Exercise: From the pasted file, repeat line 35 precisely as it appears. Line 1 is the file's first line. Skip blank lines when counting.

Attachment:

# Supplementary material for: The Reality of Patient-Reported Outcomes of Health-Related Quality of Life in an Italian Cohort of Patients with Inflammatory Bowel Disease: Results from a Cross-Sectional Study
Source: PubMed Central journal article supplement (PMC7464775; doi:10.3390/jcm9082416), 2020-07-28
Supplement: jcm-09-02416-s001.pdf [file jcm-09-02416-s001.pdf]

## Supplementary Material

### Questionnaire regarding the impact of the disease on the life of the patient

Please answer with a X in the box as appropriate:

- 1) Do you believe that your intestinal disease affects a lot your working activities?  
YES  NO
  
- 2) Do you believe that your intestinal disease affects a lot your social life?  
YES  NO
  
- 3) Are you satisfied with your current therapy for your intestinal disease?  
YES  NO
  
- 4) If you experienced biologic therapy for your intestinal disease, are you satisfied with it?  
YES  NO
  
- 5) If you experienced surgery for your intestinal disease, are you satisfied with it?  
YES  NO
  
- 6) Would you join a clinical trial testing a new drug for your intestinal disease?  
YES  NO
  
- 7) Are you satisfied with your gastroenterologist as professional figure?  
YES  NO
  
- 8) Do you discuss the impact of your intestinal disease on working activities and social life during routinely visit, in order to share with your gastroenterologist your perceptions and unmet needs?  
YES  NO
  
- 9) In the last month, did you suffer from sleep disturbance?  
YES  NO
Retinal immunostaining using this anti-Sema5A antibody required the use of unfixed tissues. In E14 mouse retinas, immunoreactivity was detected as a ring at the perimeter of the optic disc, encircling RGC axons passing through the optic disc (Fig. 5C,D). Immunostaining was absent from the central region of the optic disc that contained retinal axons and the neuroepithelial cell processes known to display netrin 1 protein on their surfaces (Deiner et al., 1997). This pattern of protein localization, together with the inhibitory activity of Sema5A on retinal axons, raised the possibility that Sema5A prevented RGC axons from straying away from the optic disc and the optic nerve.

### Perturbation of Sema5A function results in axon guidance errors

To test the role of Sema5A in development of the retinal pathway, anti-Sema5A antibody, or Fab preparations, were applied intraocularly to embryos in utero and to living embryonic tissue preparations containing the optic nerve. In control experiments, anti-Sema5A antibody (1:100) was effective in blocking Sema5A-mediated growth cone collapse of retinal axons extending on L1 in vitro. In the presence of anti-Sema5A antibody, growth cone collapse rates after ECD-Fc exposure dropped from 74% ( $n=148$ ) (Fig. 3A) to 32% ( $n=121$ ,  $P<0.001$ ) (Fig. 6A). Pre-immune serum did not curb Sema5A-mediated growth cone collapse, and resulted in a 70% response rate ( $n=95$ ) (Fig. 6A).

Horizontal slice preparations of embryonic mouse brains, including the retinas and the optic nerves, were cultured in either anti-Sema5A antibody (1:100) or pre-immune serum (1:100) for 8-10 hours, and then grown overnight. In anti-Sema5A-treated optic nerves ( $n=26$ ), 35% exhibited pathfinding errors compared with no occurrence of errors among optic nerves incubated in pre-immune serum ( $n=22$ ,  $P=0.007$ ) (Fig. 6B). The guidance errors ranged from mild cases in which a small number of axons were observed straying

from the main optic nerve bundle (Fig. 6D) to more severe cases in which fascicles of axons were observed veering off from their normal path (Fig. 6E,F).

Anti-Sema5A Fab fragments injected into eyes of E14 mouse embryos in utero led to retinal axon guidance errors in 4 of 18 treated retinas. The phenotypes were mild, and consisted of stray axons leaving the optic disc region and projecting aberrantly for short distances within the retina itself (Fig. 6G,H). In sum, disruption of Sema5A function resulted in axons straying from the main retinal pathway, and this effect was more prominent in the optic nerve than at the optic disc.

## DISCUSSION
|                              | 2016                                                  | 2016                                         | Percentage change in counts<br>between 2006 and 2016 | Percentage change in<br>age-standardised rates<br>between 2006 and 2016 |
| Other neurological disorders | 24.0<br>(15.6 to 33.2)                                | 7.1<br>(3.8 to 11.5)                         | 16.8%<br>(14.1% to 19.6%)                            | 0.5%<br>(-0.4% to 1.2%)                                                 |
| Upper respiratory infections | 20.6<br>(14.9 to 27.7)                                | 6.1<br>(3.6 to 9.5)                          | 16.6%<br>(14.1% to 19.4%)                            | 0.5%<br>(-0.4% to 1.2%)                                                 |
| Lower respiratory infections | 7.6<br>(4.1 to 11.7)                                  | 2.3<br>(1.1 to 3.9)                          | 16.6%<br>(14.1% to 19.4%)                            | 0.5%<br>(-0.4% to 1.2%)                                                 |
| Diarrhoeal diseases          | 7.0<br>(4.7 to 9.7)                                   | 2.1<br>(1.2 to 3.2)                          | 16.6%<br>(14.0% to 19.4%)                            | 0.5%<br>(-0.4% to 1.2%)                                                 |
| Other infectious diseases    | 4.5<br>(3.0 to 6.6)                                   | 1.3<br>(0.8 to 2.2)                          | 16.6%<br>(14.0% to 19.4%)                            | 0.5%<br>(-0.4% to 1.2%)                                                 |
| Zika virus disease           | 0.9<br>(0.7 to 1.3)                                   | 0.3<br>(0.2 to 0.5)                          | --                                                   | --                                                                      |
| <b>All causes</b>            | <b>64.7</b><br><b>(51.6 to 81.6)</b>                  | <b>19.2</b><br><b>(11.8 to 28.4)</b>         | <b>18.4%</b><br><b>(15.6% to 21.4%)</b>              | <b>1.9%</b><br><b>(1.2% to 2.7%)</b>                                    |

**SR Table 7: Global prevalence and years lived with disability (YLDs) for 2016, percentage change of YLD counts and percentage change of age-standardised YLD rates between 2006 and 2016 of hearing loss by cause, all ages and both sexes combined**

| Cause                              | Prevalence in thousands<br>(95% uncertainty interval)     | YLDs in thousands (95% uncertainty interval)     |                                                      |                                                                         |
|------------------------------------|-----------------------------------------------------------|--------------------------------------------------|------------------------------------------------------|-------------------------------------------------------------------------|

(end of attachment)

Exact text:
| Lower respiratory infections | 7.6<br>(4.1 to 11.7)                                  | 2.3<br>(1.1 to 3.9)                          | 16.6%<br>(14.1% to 19.4%)                            | 0.5%<br>(-0.4% to 1.2%)                                                 |